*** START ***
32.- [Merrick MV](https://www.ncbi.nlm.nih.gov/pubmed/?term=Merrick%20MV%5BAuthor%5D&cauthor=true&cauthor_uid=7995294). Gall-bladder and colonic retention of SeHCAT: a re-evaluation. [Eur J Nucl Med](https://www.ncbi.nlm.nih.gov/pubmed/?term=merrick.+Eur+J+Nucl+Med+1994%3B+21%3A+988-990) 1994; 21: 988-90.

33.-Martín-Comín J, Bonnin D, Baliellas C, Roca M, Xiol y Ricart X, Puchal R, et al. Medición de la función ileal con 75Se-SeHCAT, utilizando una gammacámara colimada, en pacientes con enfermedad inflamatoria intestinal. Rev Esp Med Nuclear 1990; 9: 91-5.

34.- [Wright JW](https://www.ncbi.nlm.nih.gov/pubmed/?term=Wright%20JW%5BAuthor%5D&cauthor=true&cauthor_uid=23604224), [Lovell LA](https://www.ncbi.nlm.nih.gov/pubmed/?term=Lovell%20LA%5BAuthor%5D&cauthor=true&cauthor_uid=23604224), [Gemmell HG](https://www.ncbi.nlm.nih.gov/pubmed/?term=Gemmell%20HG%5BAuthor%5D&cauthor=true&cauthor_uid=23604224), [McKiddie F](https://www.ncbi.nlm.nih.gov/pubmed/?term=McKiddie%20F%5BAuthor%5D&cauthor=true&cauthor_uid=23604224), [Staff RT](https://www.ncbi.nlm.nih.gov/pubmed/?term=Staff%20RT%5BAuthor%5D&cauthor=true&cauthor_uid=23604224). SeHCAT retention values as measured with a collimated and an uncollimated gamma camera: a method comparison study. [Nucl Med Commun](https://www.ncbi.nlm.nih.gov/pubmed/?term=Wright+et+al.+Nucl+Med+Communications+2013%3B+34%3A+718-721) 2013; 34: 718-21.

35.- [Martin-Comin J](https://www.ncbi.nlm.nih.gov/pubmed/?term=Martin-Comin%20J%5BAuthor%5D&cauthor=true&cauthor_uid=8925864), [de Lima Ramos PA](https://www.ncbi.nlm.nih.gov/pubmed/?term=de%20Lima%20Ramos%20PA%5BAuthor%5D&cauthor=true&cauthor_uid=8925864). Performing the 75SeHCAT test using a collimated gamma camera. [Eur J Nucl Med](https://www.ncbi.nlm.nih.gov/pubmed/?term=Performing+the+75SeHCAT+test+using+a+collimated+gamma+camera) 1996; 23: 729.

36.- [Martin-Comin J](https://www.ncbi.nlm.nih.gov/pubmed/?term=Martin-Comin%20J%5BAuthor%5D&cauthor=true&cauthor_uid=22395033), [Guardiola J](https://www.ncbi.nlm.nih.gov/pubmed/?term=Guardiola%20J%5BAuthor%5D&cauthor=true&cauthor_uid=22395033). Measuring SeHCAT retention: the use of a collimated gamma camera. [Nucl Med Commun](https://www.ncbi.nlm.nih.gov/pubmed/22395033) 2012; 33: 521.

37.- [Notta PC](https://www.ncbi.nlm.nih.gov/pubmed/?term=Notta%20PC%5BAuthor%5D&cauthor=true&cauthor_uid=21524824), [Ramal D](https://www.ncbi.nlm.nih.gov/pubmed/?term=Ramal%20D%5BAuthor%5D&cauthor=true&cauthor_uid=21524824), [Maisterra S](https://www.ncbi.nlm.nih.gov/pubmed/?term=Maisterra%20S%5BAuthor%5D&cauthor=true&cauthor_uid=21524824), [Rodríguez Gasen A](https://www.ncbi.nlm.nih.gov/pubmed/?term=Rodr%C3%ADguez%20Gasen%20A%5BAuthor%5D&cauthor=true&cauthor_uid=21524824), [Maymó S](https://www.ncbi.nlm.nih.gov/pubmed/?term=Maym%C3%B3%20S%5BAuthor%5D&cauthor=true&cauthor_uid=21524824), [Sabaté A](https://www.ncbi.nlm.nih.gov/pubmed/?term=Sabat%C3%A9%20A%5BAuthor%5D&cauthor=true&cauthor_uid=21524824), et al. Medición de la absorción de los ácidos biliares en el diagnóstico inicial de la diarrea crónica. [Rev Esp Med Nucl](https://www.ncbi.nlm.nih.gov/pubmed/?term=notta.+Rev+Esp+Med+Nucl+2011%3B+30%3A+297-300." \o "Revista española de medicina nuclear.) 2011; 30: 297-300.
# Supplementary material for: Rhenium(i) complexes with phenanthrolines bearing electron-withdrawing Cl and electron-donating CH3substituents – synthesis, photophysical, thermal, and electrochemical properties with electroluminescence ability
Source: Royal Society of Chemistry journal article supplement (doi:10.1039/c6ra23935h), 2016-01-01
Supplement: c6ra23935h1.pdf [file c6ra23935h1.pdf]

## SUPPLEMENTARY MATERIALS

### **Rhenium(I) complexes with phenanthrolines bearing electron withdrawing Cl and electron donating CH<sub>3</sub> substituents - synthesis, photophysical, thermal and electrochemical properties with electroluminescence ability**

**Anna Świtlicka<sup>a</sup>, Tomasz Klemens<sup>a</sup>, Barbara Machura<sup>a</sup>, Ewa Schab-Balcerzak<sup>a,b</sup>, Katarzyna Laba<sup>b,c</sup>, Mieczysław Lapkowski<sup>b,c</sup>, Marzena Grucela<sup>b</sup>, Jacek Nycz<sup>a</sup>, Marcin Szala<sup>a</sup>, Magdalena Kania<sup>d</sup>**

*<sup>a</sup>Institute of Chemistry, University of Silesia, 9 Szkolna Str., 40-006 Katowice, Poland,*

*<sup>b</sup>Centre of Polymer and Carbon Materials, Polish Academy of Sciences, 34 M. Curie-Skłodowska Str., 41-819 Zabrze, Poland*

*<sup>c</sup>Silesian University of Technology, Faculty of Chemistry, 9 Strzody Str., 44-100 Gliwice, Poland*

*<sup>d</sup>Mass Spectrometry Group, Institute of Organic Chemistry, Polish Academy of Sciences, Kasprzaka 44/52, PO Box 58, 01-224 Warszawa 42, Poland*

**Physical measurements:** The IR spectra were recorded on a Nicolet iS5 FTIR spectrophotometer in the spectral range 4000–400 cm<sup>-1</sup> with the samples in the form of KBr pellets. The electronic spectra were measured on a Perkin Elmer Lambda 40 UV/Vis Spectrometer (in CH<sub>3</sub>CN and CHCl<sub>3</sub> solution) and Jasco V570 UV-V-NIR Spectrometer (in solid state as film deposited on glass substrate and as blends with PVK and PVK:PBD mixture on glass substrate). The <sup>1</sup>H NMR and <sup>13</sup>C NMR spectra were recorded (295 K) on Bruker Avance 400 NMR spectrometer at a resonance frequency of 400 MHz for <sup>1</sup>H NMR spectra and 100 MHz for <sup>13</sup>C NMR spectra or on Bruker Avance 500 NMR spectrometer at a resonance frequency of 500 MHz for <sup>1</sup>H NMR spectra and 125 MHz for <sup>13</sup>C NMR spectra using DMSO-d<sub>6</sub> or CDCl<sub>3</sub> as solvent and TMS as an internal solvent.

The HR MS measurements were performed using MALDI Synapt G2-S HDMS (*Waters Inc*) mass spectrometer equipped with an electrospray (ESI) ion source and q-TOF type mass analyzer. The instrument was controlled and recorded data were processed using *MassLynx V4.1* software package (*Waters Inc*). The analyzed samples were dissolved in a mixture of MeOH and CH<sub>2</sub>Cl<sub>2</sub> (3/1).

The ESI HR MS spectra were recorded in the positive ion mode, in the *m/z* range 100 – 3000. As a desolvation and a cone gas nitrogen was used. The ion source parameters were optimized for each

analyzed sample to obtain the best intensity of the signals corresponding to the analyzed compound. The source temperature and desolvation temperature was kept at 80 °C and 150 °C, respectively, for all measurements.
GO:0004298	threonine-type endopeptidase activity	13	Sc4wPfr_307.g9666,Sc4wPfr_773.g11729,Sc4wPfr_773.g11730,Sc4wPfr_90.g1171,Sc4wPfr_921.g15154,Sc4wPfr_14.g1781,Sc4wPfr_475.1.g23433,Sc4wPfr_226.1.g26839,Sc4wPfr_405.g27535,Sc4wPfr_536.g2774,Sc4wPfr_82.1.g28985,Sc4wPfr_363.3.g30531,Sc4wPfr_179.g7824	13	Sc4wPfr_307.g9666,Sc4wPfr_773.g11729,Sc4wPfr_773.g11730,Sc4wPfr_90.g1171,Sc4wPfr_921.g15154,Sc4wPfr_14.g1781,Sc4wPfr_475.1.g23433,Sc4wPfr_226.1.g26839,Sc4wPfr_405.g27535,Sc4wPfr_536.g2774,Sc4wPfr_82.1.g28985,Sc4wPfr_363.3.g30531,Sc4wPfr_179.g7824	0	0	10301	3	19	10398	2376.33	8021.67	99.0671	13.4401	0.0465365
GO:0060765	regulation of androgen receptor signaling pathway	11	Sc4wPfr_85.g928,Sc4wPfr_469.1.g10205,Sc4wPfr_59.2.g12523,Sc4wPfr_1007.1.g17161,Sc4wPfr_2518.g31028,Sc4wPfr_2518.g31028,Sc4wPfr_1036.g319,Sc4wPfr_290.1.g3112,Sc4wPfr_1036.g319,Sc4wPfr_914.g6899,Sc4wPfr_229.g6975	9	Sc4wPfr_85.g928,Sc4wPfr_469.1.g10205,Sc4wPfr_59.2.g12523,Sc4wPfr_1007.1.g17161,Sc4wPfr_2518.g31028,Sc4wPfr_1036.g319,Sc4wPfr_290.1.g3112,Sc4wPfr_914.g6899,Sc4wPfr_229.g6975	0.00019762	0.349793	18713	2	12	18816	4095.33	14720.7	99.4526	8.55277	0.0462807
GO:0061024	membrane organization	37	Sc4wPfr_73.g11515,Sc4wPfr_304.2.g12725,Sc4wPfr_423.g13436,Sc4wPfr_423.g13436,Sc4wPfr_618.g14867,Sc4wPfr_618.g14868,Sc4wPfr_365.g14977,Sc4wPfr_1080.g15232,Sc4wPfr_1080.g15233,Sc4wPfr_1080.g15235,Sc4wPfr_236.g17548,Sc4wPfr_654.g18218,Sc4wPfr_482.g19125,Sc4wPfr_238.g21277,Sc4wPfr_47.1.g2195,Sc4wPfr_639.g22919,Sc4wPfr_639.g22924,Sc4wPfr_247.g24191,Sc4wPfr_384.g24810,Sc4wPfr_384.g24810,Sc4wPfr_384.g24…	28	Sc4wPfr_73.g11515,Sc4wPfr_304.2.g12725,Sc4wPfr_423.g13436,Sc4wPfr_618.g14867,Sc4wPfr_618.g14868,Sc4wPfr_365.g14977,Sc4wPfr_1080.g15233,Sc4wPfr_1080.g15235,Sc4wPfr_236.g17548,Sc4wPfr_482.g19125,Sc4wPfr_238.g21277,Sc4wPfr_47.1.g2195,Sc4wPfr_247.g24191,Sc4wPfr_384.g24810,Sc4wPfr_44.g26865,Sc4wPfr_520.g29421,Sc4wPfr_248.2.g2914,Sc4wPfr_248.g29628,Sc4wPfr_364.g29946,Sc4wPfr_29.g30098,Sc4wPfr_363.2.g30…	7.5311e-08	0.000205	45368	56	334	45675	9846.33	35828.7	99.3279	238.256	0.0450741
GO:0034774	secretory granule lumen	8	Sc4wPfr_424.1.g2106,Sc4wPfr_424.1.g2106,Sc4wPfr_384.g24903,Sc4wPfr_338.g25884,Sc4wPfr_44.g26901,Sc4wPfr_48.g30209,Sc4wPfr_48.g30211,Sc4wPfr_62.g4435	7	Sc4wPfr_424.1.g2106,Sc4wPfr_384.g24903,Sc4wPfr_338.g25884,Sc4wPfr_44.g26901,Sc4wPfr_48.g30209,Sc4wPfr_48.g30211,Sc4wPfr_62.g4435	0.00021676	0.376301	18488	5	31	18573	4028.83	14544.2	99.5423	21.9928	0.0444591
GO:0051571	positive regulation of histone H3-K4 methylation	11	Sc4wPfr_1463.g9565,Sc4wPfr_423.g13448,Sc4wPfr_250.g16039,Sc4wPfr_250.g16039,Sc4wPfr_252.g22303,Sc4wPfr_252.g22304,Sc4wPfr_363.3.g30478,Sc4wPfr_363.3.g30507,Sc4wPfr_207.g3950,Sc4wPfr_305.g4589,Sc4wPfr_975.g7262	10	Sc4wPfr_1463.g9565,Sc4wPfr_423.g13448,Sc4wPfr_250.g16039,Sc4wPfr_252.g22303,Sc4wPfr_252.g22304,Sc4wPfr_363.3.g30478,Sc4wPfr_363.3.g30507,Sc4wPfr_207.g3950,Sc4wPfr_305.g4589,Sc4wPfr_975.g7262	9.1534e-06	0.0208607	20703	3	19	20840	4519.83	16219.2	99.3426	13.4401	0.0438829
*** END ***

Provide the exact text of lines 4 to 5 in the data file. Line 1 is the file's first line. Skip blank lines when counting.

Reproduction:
35.- [Martin-Comin J](https://www.ncbi.nlm.nih.gov/pubmed/?term=Martin-Comin%20J%5BAuthor%5D&cauthor=true&cauthor_uid=8925864), [de Lima Ramos PA](https://www.ncbi.nlm.nih.gov/pubmed/?term=de%20Lima%20Ramos%20PA%5BAuthor%5D&cauthor=true&cauthor_uid=8925864). Performing the 75SeHCAT test using a collimated gamma camera. [Eur J Nucl Med](https://www.ncbi.nlm.nih.gov/pubmed/?term=Performing+the+75SeHCAT+test+using+a+collimated+gamma+camera) 1996; 23: 729.

36.- [Martin-Comin J](https://www.ncbi.nlm.nih.gov/pubmed/?term=Martin-Comin%20J%5BAuthor%5D&cauthor=true&cauthor_uid=22395033), [Guardiola J](https://www.ncbi.nlm.nih.gov/pubmed/?term=Guardiola%20J%5BAuthor%5D&cauthor=true&cauthor_uid=22395033). Measuring SeHCAT retention: the use of a collimated gamma camera. [Nucl Med Commun](https://www.ncbi.nlm.nih.gov/pubmed/22395033) 2012; 33: 521.